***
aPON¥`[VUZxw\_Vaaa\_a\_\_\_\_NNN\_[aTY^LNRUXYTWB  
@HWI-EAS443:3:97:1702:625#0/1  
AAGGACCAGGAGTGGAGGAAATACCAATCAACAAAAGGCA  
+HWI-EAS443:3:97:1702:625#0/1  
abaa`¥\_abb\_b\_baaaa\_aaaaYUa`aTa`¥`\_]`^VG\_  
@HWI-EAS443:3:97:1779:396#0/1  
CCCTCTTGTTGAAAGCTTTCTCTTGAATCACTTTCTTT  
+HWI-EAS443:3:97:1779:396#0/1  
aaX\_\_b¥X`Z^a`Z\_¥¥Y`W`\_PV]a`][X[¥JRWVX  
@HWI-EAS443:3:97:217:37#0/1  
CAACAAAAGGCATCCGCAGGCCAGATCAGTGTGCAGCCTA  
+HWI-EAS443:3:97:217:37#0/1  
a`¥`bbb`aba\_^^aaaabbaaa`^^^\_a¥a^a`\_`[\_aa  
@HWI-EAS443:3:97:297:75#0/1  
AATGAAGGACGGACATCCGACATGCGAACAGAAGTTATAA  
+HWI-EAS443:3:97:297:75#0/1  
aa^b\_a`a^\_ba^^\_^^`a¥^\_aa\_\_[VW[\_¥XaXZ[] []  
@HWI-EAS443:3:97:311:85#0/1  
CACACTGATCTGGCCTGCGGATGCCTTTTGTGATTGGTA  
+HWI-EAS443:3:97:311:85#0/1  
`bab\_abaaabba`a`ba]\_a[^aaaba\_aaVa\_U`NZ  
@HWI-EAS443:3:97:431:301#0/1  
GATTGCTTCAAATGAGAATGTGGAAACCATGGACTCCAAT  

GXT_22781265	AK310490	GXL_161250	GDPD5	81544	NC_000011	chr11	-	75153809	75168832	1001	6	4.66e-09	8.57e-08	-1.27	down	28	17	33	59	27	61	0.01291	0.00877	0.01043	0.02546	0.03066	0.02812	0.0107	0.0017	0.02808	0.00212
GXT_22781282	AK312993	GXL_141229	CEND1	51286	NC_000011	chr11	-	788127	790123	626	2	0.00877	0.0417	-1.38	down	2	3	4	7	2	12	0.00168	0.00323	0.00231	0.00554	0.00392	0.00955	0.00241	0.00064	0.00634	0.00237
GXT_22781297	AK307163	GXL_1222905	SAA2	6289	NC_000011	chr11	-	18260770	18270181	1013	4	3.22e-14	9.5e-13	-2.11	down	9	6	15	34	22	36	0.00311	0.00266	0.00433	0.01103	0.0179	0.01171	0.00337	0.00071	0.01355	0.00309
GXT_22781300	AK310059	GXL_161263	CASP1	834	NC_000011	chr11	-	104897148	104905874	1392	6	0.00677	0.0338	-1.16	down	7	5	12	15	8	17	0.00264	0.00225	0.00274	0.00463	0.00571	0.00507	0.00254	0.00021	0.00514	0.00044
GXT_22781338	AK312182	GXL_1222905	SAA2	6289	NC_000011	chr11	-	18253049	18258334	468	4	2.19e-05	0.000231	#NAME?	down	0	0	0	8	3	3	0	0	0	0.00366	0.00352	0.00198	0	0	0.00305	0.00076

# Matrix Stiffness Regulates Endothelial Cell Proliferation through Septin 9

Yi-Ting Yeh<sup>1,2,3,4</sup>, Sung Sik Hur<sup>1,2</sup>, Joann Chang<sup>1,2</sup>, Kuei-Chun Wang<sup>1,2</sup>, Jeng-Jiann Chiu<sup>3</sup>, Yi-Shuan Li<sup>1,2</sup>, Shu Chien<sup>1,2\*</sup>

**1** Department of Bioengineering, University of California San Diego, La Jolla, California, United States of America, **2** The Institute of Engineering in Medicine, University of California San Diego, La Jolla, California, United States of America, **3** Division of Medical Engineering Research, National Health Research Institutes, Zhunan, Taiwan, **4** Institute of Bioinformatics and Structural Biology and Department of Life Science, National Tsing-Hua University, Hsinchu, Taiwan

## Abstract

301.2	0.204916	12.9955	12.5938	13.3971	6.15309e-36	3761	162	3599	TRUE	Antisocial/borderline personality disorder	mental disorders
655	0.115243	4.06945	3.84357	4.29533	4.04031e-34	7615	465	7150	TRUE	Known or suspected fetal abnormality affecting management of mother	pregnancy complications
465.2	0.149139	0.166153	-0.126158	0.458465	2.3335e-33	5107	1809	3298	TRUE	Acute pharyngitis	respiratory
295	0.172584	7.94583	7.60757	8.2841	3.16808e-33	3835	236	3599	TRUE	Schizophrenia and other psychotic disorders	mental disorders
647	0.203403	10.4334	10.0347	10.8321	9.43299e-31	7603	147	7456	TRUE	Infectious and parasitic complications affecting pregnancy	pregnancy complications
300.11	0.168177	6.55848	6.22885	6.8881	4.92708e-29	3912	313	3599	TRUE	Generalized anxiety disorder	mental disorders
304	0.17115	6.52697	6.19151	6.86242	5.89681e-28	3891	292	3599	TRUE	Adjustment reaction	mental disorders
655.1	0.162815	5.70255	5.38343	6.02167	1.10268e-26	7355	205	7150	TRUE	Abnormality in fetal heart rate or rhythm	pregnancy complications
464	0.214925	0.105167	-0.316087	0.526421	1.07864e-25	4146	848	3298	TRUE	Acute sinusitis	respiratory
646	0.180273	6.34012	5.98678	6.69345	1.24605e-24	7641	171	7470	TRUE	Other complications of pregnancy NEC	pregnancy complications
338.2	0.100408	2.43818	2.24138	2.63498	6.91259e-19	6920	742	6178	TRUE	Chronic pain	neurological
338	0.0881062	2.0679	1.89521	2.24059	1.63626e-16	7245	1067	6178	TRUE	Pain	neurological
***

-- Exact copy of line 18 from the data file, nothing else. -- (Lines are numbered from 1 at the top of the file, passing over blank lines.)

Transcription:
@HWI-EAS443:3:97:311:85#0/1  